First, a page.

May 02, 2005

Lisa: Needlepoint Joint

As I mentioned earlier, Sarah and I decided to drive up to the Needlepoint Joint in Ogden, which is about 45 minutes North of Salt Lake City. It was definitely worth the drive. The store was awesome. I snapped these two pictures on the sly, since I didn't think I would be allowed to photograph the store.

And here's Sarah, checking out pattern books!

Anyway, they had every kind of yarn I had heard of, plus tons of patterns, needles, accessories, and fancy buttons. Most importantly, they had Swallow casein needles like the one I broke--but I managed to find one or two other things to buy also. I'll post separate entries for the new projects.

I wish we could have spent more time up there. Historic 25th Street (where the Needlepoint Joint is located) is super cute, with tons of little brick shops that are antique stores, restaurants, galleries, etc. Maybe next time we will make it an evening!

May 03, 2005

Lisa: Adventures in Beautifying

I have been having some skin issues lately, so I decided to try an oatmeal mask inspired by this book. There's not much to the recipe. You put some oats in a bowl, and then add water and stir until you have sort of a paste. You glop the stuff onto your face, let it dry, rub off the dried chunks, and then wash off the rest. I had pretty good results (at least, my skin doesn't look worse), but I think next time I'm going to try the cornmeal version from the same book. The oatmeal totally clogged my bathroom sink, and I get the idea that the cornmeal will make a smoother paste.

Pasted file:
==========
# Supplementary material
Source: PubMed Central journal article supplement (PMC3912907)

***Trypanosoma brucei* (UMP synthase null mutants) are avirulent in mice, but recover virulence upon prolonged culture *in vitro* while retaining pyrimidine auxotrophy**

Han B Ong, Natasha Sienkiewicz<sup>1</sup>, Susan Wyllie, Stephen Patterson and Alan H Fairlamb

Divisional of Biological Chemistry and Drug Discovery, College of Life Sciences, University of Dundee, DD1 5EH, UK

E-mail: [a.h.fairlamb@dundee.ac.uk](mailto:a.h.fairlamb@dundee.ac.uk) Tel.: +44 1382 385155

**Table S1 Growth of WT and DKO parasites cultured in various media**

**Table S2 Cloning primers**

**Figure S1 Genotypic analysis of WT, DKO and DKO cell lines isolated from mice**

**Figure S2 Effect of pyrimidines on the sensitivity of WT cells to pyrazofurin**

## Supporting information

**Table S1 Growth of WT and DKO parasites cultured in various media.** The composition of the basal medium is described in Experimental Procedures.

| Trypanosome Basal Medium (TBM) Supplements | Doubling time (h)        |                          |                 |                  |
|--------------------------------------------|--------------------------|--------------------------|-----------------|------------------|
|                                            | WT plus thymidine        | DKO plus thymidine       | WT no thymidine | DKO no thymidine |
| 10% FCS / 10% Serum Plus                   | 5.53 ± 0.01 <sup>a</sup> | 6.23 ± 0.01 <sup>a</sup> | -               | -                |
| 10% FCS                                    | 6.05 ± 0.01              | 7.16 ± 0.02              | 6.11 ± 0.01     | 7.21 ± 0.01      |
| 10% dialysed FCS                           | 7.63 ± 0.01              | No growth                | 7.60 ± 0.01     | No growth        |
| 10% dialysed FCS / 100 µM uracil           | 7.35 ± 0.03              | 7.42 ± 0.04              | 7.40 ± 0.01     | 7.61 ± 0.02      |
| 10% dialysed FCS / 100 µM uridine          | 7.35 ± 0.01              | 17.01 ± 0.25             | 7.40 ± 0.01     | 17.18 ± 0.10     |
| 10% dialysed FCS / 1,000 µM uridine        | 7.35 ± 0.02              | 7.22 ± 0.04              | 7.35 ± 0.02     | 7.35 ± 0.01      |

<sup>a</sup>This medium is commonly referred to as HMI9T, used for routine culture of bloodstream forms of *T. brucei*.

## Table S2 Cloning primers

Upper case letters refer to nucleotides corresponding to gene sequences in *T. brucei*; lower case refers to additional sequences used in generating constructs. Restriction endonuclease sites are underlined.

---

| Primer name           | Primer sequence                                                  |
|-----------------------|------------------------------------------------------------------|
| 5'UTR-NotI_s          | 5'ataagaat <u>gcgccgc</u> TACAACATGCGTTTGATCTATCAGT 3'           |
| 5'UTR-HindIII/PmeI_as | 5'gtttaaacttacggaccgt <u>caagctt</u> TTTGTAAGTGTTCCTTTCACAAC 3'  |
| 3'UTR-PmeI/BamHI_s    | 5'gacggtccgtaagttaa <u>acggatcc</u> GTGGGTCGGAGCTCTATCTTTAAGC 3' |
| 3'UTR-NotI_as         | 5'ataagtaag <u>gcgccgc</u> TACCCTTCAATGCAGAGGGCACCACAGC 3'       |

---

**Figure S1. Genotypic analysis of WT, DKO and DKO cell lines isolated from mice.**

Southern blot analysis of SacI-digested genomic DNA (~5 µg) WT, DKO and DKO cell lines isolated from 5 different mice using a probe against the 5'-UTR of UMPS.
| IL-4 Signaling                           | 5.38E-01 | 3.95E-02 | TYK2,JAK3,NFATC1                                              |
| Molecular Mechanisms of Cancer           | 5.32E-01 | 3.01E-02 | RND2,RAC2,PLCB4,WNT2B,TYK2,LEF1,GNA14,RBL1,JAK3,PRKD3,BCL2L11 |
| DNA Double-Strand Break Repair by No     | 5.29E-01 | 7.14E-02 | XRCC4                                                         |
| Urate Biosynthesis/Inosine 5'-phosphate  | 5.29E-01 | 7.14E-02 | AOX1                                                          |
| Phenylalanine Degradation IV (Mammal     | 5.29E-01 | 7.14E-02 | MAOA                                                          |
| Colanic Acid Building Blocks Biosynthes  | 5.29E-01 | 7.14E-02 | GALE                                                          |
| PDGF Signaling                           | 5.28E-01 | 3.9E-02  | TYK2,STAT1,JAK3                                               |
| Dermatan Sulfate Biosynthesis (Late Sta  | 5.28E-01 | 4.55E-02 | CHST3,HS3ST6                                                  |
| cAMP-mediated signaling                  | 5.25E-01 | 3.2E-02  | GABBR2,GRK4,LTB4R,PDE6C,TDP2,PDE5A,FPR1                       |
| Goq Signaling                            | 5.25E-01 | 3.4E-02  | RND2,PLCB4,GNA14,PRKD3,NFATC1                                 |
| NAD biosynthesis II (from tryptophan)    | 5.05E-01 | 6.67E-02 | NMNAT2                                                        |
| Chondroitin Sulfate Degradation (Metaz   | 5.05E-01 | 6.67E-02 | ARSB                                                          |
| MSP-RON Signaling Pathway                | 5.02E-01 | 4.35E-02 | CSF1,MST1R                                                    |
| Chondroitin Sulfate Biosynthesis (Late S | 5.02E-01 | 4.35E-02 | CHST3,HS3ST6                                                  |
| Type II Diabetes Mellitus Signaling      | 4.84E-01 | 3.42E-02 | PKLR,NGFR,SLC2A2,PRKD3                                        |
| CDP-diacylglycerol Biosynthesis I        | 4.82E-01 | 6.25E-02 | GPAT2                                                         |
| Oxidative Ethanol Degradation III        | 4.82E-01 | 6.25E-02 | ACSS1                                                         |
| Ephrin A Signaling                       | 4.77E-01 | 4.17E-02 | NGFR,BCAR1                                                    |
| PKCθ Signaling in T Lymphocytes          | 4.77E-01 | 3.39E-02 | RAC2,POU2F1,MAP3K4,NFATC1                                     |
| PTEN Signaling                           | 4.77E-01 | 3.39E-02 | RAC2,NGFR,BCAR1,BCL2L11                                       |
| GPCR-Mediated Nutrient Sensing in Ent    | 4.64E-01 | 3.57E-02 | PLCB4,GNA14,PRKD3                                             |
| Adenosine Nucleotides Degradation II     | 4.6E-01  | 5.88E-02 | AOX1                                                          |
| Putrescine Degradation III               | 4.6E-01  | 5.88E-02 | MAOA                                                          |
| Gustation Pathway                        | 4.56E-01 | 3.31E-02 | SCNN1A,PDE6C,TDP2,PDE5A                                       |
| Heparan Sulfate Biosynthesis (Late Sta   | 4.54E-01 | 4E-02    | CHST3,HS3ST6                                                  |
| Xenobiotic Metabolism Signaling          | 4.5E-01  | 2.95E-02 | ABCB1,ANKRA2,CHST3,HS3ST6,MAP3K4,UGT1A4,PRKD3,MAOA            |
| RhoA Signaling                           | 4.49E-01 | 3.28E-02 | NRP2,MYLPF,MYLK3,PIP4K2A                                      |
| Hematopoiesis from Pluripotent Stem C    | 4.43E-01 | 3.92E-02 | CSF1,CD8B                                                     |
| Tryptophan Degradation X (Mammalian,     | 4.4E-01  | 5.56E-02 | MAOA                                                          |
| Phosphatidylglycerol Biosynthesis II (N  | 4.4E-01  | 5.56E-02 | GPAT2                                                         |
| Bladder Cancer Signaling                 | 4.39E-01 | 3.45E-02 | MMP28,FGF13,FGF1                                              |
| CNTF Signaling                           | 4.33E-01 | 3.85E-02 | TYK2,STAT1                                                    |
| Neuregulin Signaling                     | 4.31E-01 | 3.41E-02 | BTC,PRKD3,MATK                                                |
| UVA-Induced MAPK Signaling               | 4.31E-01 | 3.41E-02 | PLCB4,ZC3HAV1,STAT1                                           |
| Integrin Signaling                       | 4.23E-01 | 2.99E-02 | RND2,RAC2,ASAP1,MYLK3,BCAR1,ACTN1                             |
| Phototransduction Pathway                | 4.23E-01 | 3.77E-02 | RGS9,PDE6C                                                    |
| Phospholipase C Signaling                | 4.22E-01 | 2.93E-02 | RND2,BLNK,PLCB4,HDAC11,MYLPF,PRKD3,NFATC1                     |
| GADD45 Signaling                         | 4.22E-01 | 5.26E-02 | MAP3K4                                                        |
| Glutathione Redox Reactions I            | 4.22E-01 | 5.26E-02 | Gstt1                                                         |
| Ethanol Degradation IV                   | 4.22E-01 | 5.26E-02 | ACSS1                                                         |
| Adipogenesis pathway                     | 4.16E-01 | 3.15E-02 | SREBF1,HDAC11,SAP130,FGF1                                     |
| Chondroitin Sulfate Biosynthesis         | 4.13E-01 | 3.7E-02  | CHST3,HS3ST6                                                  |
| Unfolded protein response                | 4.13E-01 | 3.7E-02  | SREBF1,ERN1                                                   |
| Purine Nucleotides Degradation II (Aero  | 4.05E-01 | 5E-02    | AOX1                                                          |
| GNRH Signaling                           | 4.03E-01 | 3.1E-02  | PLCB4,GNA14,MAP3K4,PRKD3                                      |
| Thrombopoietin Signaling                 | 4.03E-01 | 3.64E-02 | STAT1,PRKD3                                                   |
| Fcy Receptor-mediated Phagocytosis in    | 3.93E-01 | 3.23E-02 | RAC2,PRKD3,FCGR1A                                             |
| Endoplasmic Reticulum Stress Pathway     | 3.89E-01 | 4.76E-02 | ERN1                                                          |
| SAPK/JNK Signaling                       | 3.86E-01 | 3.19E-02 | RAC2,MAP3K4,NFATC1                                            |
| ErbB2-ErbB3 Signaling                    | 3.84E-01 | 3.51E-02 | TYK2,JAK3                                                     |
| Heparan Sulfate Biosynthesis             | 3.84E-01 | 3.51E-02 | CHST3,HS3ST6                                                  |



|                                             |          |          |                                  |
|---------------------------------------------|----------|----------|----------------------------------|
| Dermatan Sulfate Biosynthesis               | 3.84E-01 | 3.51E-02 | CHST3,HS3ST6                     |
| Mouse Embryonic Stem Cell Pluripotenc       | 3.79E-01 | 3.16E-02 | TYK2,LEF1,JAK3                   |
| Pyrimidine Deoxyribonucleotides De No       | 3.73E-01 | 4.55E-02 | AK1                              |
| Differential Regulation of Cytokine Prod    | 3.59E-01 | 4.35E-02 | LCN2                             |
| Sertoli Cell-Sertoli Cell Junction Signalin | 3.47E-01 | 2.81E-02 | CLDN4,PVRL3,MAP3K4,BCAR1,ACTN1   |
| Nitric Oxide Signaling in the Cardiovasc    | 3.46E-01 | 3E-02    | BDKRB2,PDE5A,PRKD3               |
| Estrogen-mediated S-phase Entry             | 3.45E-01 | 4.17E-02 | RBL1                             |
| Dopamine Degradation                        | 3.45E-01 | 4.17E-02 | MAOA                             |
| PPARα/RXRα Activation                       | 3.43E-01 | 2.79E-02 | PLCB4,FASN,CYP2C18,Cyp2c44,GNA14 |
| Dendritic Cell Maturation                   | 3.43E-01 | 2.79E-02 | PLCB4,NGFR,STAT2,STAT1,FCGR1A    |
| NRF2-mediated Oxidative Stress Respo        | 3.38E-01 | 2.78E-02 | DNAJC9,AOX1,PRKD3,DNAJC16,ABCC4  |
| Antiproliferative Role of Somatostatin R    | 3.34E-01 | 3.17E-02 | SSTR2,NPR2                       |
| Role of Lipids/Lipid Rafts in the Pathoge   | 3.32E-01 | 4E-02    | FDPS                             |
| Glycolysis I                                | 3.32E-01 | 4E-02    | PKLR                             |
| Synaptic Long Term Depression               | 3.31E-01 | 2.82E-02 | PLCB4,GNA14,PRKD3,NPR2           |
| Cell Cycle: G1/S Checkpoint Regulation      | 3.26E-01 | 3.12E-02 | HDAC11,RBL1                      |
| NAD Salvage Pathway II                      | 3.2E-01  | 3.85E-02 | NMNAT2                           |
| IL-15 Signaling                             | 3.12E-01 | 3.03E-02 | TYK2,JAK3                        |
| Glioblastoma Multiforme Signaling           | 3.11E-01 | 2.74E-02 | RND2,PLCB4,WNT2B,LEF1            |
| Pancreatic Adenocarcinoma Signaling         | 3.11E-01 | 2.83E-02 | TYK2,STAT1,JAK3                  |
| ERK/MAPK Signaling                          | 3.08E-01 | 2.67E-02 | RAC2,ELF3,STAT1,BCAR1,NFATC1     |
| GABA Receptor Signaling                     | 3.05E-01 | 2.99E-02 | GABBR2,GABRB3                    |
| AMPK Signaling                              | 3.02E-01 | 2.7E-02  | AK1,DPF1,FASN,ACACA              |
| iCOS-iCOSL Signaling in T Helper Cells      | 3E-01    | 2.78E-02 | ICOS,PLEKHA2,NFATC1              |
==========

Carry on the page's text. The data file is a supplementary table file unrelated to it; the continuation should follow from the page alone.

Also, since I don't like to use very much foundation, and since my foundation color is sort of orangey for my skin tone, and since I am always trying to simplify my morning routine to maximize sleeping-in time, I decided to combine my moisturizer and foundation into one bottle--essentially creating a tinted moisturizer. Here's what I started with:

I squeezed everything out into a bowl, mixed it together with a spatula, and used a ziplog bag with the corner cut off as sort of a funnel to get the mixture back into the moisturizer bottle again. The two substances mixed together quite well, and now I am applying a not-at-all-offensively-colored tinted moisturizer in just one step in the mornings! Admittedly, buying a moisturizer that is already tinted would be less messy, but this way I can use up what I already have. Please don't bother saying anything about the germs I introduced into my moisturizer, because LA LA LA I CAN'T HEAR YOU!